I am sure the guys and girls at VW and MAN are totally fed up with me badgering them for news of when the 5.0/5.5t van and the chassis cabs would be arriving. At long last, Graham Wilkinson, Chassis Engineer, Bus and Coach at MAN UK in Swindon told me they had delivered the first five-tonner to Stanford Coachworks. I’d like to thank Graham because he has been enormously helpful. Sadly he still can’t tell me when the 5.5t and the chassis cabs will be here but now that we’ve got the 5t, the others can’t be too far behind.
There are five weight classes; 3.0t, 3.5t, 4. 5t and 5.5t GVW. There are three lengths; standard, long and extra-long. And there are three heights; normal, high and super-high. Not all variants are available on all models.
They are all powered by the new VW two-litre, four cylinder. direct injection, common rail, turbocharged diesel engine to Emission Standard Euro 6 using AdBlue. They develop 102bhp (78kW); 122bhp (90kW), 140bhp (103kW), and 177bhp (130kW) at between 3000 and 3600 rpm. The max torque figures are respectively 300 Nm, 300 Nm, 340 Nm and 410Nm available across a wide speed range. Engine stop/start and regenerative braking is standard.
The front suspension is fully independent and incorporates electronic steering – the first vehicles in this class to have this although Mercedes-Benz soon announced that their new Sprinter would also have it. The load rating on the front axle is 2.2 tonnes. Rear suspension uses long, semi-elliptic leaf springs. Rear air suspension is available as a retrofit option. The load rating on the rear is 3.5 tonnes, technically giving a maximum design weight for the vehicle of 5.7 tonnes but maximum GVW is limited to 5.5 tonnes.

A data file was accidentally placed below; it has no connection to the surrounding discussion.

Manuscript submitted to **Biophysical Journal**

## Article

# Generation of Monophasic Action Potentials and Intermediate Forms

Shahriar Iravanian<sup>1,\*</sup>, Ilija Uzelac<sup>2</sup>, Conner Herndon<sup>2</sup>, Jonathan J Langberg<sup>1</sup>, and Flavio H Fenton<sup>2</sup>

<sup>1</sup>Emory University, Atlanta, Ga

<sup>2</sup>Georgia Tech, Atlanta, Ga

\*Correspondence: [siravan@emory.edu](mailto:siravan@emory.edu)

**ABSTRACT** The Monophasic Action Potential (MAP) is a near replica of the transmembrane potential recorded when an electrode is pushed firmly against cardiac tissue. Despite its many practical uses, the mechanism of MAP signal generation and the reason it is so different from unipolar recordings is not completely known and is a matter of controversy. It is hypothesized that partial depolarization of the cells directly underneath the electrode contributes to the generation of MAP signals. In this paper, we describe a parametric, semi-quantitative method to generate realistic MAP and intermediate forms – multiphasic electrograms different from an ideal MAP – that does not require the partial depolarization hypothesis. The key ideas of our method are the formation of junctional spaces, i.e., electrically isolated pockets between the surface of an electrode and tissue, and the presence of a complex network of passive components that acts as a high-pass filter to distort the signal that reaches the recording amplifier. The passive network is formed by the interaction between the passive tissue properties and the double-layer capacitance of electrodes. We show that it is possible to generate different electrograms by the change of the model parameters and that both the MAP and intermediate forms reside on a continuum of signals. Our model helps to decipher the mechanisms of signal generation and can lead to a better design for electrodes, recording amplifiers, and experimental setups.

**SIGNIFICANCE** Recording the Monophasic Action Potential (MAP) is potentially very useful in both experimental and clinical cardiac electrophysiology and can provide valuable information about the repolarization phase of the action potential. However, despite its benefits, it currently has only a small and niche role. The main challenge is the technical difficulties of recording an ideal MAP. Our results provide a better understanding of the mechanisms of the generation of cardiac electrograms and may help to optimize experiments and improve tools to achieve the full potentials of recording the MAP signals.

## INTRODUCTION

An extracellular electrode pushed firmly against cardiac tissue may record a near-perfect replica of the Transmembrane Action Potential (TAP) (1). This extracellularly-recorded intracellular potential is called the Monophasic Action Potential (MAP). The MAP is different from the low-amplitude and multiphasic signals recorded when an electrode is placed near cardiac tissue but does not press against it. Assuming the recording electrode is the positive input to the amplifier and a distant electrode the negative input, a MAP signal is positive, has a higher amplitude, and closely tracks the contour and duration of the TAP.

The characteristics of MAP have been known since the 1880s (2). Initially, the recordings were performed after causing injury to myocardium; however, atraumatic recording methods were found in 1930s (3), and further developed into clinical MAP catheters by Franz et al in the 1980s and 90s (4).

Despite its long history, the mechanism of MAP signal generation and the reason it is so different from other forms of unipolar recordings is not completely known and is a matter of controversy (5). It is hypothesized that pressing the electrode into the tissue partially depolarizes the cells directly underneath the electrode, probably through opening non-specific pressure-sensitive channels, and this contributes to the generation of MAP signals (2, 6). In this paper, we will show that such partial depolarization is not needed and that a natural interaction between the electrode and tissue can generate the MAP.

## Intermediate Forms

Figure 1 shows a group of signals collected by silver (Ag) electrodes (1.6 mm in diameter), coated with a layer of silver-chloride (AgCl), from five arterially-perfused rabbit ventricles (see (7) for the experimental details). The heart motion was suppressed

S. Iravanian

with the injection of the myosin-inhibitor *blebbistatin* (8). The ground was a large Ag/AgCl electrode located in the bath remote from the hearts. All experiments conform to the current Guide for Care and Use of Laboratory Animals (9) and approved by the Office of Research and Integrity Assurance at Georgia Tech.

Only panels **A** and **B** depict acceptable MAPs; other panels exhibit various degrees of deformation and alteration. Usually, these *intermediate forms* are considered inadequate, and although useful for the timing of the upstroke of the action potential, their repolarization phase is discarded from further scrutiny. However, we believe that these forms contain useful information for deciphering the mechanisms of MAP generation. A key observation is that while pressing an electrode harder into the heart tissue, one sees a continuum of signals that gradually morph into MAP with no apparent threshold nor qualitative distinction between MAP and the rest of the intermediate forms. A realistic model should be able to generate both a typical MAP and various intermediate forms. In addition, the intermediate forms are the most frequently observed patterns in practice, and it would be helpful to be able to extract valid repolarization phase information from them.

The brakes use 16-inch discs all round and the vehicles feature a host of safety features such as ABS, ESP, BA, Hill Assist, collision avoidance, lane guard, side wind compensation, park assist and even trailer park assist. Some systems are standard, others are options.
There is a 75-litre fuel tank and an 18-litre AdBlue tank.
Wheels are 6.5 x 16 steel units with 205/75R R16 tyres, twin on the rear axle of most rear-wheel drive vehicles.
Electrics are 12V with 92 Amp/hr batteries and a 140Amp alternator.
Drivers receive a lot of attention on the vehicles. Aside from a very comfortable adjustable seat and comprehensive dash they benefit from heated electric side windows, external mirrors which are heated and electronically adjusted, a large tinted screen, small multi-function steering wheel, cruise control/speed limiter (although of course the vehicle is overall speed limited), digital tachograph, in-cab air conditioning and central locking. There are all the modern requirements of power and USB sockets plus mobile phone facilities and advanced sound options.
The vehicle is currently produced as a van with nearside loading door and fully opening twin rear doors and is also available in chassis cab form. No other variants are currently listed but will no doubt follow.
The vehicles are available in a range of ex-factory colours including white, red, orange, blue and green – interestingly, not black – or at additional cost in metallic grey or silver or pearlescent black.
The Stanford Vehicle
What Stanford has used as a base vehicle is, in essence, an extra long wheelbase, long rear overhang, high-roof van. As I write, the super-high roof versions aren’t available.